From Making Porridge With Mum To The Burns Unit: Kieran's Horror
As winter takes hold and we go to great lengths to keep warm, one family is using their horrifying story to warn parents and children of the dangers of burns.
Kieran, 5, was at home helping his mum with breakfast in September 2017 when he found himself screaming and in immeasurable pain.
"I was cooking my porridge," the young boy said. When he leaned too close to the stove flames, his pyjamas caught on fire, leaving him severely burnt.
Keiran and his mum Tania Nevill spoke candidly about the traumatic incident, in a video released by Kidsafe Australia.
"He panicked and just ran, and I just caught him, put the flames out and then put him in the cold shower," Tania said.
"Stop, drop and roll," Kieran piped up -- recommended first aid that would ultimately help him recover.
Kieran was flown to Royal Children's Hospital (RCH) where he spent several weeks undergoing a skin graft and physical therapy to regain feeling in his burned torso.
It's a story that is all too common for Kieran's trauma surgeon Dr Warwick Teague, who said 600 burn injuries were admitted to the burns unit at RCH alone last year.
Data from the Burns Registry of Australia and New Zealand shows nearly 1000 children from both countries were admitted to hospital with burns in 2016/17.
Scalds were the most common types of burns, followed by contact and flame burns.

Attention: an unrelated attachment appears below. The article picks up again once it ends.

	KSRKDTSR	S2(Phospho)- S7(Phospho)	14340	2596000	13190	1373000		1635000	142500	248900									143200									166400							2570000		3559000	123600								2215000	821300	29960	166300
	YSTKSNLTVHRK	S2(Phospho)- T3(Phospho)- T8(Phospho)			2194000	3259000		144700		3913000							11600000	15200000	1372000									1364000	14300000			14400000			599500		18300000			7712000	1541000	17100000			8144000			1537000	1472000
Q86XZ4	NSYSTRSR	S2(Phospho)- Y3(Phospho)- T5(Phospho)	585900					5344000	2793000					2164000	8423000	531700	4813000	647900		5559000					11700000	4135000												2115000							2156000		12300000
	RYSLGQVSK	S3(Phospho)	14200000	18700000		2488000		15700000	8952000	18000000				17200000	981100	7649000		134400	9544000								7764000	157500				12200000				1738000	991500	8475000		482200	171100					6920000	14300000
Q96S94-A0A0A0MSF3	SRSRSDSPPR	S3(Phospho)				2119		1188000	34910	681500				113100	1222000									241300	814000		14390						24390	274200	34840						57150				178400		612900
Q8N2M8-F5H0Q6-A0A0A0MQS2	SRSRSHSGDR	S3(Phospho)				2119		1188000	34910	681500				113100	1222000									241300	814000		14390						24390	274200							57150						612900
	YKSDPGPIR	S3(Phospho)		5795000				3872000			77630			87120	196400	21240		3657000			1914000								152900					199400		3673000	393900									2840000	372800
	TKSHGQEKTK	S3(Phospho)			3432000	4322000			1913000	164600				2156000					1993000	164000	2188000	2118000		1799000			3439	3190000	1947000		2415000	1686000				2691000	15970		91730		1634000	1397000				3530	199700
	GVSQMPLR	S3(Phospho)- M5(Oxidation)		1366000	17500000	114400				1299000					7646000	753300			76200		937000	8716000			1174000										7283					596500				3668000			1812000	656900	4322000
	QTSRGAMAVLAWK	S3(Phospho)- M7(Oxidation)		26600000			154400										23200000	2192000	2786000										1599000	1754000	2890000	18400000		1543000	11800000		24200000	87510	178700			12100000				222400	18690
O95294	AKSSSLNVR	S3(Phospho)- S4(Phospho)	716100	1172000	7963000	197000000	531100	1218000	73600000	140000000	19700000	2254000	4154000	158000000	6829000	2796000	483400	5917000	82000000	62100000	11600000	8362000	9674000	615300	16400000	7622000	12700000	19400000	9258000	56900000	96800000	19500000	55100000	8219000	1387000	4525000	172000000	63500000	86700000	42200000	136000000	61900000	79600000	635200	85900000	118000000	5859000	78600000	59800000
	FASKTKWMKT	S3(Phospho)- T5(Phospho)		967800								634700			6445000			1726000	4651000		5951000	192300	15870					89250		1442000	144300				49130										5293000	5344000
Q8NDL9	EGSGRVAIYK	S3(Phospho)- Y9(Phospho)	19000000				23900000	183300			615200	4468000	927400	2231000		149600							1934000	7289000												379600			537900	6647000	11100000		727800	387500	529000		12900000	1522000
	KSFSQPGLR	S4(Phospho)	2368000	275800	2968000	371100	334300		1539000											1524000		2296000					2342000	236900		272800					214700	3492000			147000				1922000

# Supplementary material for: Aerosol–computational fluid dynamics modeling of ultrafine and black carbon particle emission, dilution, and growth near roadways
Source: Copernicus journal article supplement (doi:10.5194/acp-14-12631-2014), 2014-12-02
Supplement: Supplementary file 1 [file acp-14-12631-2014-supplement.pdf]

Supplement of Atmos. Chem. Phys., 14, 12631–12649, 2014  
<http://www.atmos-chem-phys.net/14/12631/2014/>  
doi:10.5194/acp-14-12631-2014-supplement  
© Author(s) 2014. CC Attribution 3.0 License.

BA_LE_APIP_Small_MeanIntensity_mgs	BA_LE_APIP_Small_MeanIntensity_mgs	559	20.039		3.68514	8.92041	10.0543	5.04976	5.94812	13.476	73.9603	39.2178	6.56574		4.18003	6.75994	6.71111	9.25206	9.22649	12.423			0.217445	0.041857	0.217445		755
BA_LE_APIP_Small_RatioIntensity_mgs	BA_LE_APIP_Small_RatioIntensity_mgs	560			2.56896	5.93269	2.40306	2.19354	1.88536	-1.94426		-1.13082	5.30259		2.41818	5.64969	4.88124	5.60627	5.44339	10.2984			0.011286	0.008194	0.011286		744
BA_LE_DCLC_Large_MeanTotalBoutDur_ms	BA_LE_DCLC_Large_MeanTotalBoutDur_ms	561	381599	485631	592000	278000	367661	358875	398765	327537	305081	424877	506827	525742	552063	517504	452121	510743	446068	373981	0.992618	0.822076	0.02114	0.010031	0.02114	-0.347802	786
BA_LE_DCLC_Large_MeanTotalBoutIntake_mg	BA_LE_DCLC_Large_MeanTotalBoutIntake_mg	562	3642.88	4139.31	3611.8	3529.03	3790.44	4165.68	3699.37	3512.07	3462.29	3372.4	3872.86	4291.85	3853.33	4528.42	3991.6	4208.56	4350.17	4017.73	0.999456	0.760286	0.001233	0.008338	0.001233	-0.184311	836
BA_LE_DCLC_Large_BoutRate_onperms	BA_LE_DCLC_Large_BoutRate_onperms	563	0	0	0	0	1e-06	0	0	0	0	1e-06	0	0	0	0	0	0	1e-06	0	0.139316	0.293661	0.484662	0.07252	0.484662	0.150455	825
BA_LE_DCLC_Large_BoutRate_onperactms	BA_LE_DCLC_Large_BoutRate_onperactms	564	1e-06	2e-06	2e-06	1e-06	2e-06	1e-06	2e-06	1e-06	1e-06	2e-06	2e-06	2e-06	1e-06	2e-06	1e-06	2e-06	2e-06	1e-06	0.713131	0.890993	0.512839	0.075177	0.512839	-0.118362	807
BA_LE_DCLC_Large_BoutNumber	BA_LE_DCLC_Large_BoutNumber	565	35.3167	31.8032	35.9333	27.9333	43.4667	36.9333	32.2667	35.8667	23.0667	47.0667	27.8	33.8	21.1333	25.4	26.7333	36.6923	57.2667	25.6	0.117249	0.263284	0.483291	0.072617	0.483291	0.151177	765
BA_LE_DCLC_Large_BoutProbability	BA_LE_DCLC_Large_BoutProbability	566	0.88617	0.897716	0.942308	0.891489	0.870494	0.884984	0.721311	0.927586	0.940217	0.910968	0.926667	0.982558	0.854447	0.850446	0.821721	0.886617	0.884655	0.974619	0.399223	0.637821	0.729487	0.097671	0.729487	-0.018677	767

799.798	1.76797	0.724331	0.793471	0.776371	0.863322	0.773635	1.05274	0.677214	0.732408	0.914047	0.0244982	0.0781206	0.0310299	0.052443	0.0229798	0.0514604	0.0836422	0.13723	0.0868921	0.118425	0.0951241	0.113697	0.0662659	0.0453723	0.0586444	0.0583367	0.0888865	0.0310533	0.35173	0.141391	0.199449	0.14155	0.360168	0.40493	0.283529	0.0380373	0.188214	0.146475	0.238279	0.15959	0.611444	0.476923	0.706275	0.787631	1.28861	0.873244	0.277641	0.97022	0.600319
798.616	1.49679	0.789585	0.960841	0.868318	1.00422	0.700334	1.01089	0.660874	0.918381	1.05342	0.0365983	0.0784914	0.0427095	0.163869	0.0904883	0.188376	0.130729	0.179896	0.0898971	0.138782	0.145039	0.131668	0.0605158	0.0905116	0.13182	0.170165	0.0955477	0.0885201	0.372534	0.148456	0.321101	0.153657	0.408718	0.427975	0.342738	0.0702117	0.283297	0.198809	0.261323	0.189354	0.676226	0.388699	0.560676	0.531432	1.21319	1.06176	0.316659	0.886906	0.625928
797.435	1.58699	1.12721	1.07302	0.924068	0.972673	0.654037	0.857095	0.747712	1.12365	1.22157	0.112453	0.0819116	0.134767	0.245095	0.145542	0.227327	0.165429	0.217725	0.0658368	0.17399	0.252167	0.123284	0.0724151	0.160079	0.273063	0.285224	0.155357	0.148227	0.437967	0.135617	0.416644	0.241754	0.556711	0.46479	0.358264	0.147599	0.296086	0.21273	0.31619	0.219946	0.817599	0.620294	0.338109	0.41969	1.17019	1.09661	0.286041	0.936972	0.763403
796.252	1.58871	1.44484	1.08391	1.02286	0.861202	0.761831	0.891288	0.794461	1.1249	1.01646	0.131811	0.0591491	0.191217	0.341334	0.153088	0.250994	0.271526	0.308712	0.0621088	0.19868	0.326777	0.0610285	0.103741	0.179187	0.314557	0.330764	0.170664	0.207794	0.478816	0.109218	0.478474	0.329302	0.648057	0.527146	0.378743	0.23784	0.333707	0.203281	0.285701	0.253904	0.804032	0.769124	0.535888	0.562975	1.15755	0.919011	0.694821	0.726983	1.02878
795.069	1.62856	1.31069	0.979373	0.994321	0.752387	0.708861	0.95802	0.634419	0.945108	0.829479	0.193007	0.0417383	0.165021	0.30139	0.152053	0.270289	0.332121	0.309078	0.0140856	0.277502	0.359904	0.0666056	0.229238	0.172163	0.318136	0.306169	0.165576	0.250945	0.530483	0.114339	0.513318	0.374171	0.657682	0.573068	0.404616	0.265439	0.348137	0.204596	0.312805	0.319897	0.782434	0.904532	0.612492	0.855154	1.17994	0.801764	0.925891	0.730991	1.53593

"Each of these moments, for each of these children and families, probably began on an ordinary day ... they had no expectation of the kind of dangers and hurt that awaited them," Teague told reporters on Tuesday, at the launch of National Burns Awareness Month.
"Some of these injuries will have lifelong impacts on the health and wellbeing of these children."
For children like Kieran, the most dangerous part of the house is the kitchen, where Kidsafe Australia says about 50 percent of burn injuries occur.
"Burns in the kitchen usually occur whilst a child is near an adult preparing food or hot drinks," spokeswoman Melanie Courtney said.
It can happen so quickly. At 60 degrees, a full thickness burn can occur in just one second.
Courtney recommended parents or caregivers turn their hot water temperature down to 50 degrees, where it takes up to five minutes to cause a third-degree burn to a child's skin.
Parents are also being urged to avoid leaving hot drinks on the edge of the bench and to make sure children are always supervised.
Ambulance Victoria officer Shelly said it was important to immediately douse a burn in running water for at least 20 minutes.
"Never use ice, never use butter. If the burn is bigger than a 20-cent piece, you need to seek medical attention," she said.
Ambulance Victoria paramedics see approximately one patient a day who has suffered a burns injury. In the last week alone, Shelly has seen several children being burnt by hot bottles of milk and hot noodles.
"When you come across a burn in a child, your heart just breaks. The pain is excruciating," she said.
"There are so many things you can do so you don't end up in hospital."
Featured image: Supplied